Ignorance isn't bliss
Editorial Board 2001-2002
Ignorance isn't bliss
Four University Students' Council presidential forums have come and gone four more loom on the horizon.
Candidates have a week of campaigning left to distinguish themselves from one another before the student body. The need for ideas real ideas has officially hit a critical stage.
After Sunday's Saugeen-Maitland Hall forum, one question clearly needs to be asked: does it really matter what each candidate's favourite Bon Jovi song is?
With apologies to die hard Bon Jovi fans, the answer is no. Yet that was one of the many useless questions asked at the Saugeen forum.
During a campaign in which candidates have brought very few original or well-researched ideas to the table, perhaps the question acutely reflects what little USC knowledge candidates have.
Either way, at the halfway mark of the current presidential campaign, it is important to examine some of the critical issues where candidates have lacked clarity.
Student safety issues have been a major concern on campus throughout the past year. Some candidates have suggested increased communication with the University Police Department, as well as publishing safety reports. Some have promised USC responsibility for safety infrastructure on campus, with or without the financial help of our university administration or the City of London.
We must ask, has anyone looked into the costs of improving safety on campus? Has any candidate provided any logistics or specifics on how they would tackle the infrastructure of such a plan?
Of course not details are a rare commodity on this campaign.
Fiscal responsibility has been another hot topic, but most of the candidates have been unable to articulate what is wrong with USC finances. Some have suggested the lowering of student fees without revealing what specific services they would eliminate.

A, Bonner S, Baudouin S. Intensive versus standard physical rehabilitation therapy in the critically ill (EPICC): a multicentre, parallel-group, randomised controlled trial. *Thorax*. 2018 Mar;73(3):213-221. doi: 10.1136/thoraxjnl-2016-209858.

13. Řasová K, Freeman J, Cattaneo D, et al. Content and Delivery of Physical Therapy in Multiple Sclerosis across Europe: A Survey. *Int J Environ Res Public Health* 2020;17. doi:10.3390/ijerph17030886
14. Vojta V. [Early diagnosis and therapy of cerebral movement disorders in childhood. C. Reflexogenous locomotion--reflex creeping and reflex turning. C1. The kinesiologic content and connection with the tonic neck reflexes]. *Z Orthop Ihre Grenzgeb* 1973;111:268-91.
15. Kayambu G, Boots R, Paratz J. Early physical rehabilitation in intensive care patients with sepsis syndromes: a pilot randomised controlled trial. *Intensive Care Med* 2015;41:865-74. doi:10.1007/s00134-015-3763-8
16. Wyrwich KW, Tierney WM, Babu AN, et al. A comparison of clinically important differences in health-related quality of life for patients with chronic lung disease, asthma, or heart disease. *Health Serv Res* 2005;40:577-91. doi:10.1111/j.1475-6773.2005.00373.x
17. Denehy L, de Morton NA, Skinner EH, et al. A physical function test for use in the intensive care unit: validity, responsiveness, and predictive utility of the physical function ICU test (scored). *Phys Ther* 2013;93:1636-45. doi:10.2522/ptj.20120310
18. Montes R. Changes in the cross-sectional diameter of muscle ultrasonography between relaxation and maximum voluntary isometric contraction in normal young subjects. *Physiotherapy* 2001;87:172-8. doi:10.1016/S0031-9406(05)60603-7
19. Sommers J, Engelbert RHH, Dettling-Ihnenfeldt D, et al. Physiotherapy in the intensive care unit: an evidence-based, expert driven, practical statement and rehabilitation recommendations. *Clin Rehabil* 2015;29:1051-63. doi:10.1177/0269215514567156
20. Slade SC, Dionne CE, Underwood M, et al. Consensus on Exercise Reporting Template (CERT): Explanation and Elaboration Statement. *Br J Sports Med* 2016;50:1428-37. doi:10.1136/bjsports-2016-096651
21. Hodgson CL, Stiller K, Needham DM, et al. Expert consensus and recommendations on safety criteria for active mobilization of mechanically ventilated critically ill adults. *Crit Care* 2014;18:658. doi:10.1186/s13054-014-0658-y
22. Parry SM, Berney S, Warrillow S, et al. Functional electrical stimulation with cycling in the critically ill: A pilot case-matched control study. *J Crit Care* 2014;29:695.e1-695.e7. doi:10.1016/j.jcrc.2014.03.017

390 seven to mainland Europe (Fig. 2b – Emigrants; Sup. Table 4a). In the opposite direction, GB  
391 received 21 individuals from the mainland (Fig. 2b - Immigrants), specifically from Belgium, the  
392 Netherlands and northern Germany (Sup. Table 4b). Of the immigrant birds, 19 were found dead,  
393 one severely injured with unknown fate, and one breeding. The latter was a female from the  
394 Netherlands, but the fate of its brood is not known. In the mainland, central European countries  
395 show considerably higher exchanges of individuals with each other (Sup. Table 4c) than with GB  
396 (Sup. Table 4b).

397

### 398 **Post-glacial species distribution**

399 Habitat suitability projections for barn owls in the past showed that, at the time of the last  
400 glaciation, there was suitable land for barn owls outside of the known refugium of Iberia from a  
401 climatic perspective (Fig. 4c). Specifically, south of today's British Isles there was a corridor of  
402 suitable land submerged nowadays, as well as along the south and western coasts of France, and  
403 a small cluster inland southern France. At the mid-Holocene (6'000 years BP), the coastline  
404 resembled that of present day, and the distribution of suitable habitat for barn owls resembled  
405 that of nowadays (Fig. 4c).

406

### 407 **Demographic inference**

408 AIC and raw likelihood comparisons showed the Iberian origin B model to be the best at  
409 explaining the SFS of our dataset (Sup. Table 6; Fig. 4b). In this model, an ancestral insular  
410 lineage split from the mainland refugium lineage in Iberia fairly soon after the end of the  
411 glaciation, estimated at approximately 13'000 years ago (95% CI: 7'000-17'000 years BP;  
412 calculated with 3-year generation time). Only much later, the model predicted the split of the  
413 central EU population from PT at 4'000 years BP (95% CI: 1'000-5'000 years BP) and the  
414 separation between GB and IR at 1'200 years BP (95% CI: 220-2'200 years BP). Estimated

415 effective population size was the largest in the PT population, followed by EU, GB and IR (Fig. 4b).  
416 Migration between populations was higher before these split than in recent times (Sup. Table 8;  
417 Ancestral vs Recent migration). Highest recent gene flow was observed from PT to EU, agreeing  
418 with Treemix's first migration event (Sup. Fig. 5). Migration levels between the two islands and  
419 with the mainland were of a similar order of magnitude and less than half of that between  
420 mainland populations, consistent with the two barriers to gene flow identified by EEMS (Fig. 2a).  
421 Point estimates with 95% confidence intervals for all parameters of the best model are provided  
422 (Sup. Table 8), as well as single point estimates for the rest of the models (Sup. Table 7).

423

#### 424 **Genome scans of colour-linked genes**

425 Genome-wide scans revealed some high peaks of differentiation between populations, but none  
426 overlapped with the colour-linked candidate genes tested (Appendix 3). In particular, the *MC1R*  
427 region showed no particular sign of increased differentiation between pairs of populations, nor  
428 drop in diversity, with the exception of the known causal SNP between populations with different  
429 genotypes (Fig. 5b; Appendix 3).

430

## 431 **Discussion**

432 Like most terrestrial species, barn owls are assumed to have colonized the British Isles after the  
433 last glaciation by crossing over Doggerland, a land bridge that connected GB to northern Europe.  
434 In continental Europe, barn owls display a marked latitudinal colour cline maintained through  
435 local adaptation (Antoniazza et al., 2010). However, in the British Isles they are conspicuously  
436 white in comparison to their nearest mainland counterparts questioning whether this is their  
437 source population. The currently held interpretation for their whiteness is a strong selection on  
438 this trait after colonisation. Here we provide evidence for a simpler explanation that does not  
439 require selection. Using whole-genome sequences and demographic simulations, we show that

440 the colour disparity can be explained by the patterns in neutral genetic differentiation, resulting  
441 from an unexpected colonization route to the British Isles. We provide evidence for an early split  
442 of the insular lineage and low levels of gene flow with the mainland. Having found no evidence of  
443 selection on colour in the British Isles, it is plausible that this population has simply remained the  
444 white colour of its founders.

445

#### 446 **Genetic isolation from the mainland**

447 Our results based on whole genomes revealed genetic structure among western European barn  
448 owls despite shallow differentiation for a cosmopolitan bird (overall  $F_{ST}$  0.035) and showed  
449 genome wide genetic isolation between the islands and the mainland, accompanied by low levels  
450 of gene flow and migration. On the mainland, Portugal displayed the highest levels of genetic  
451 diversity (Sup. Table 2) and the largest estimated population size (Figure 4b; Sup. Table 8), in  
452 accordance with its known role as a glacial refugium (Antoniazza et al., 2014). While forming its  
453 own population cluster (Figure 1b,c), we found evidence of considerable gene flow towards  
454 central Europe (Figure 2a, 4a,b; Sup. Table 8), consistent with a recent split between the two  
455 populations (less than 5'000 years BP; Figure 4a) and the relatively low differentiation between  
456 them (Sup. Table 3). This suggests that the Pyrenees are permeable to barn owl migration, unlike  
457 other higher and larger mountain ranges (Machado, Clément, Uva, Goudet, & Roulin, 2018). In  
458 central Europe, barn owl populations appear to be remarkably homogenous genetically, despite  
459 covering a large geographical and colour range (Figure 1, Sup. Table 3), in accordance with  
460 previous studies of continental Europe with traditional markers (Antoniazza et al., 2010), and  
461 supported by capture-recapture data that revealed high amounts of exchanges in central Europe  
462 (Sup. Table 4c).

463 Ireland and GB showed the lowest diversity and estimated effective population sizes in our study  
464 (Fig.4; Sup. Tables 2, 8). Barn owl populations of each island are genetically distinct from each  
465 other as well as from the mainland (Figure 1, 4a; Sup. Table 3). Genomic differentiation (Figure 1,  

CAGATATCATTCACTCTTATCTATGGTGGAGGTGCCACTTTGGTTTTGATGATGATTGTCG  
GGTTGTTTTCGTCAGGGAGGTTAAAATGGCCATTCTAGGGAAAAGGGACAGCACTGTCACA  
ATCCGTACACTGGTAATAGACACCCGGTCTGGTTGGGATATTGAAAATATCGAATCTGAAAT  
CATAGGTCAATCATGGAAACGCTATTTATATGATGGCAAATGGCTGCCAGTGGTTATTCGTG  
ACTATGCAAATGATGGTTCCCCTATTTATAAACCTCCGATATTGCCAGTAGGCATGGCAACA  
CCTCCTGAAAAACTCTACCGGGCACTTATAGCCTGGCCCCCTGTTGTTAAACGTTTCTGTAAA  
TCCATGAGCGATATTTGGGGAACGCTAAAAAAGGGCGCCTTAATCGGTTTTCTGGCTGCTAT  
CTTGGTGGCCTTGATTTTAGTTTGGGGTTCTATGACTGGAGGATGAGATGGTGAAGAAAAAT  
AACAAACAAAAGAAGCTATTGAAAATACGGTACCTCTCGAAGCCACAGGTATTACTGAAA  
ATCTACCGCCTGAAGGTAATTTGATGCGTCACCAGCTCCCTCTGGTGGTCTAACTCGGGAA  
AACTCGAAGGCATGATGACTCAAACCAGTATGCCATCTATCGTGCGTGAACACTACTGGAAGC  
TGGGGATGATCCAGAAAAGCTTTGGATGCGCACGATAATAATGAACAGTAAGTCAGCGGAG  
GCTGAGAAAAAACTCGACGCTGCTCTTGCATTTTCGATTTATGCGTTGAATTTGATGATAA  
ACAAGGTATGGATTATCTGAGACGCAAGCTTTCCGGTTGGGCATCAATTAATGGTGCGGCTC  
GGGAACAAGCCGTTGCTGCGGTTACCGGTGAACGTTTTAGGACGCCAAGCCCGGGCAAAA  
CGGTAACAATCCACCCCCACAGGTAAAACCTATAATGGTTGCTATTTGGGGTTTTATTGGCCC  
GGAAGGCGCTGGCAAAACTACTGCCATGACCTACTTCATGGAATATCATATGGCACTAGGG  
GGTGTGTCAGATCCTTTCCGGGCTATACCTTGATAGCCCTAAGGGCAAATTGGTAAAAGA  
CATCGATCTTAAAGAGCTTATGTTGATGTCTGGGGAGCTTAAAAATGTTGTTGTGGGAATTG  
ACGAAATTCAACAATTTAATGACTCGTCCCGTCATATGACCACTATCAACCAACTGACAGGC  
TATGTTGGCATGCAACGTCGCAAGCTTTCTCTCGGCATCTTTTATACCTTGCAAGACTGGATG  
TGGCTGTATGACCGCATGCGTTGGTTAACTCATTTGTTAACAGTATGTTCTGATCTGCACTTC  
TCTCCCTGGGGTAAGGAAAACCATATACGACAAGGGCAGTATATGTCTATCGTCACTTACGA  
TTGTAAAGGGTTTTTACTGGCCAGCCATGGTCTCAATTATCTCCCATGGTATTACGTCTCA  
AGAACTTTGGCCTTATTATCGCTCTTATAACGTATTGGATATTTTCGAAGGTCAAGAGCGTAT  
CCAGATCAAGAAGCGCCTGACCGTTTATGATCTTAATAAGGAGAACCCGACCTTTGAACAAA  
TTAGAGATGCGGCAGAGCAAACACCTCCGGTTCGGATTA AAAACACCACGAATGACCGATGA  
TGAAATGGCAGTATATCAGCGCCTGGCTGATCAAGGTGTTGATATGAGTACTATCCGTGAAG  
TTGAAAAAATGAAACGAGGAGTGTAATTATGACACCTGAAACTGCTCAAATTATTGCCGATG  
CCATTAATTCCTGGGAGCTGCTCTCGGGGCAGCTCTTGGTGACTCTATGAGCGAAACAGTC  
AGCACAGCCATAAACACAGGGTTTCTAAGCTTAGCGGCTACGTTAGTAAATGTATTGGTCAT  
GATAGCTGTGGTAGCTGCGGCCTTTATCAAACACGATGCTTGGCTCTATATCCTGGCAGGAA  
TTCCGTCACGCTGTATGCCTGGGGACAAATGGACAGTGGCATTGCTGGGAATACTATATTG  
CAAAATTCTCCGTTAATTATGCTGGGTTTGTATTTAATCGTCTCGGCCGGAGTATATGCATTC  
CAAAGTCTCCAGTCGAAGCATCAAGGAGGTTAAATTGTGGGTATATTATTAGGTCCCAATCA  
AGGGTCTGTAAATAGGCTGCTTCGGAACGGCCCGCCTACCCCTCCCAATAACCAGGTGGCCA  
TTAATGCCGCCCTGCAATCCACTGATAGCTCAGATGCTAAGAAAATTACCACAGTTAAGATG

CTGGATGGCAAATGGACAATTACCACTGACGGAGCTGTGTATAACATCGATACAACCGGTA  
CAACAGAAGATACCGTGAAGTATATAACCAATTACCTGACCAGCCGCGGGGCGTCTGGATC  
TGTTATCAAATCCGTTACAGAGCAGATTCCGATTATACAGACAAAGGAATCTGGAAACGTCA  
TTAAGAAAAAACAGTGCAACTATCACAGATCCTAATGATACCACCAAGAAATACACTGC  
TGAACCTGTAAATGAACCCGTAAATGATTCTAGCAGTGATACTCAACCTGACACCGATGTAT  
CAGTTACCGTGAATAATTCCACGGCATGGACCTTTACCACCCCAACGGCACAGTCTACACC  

It must also be noted that the president is not the driving force behind USC fiscal accountability there are reasons why a VP-finance and a corporate accountant are employed by the USC.
The student bus pass has also inspired a number of campaign promises. Many candidates have pledged to negotiate a bus pass for part-time students and an opt-out plan for full-time students. The reality is a contract between the USC and the London Transit Commission prevents such changes.
Based on the limited knowledge displayed by the majority of candidates thus far, one might reasonably presume a large number of them tossed their names into the race at the last moment.
Presidential candidates have one more week to provide informed opinions concerning key student issues. The student body has one more week to call them on their bluffs.
Let the countdown begin.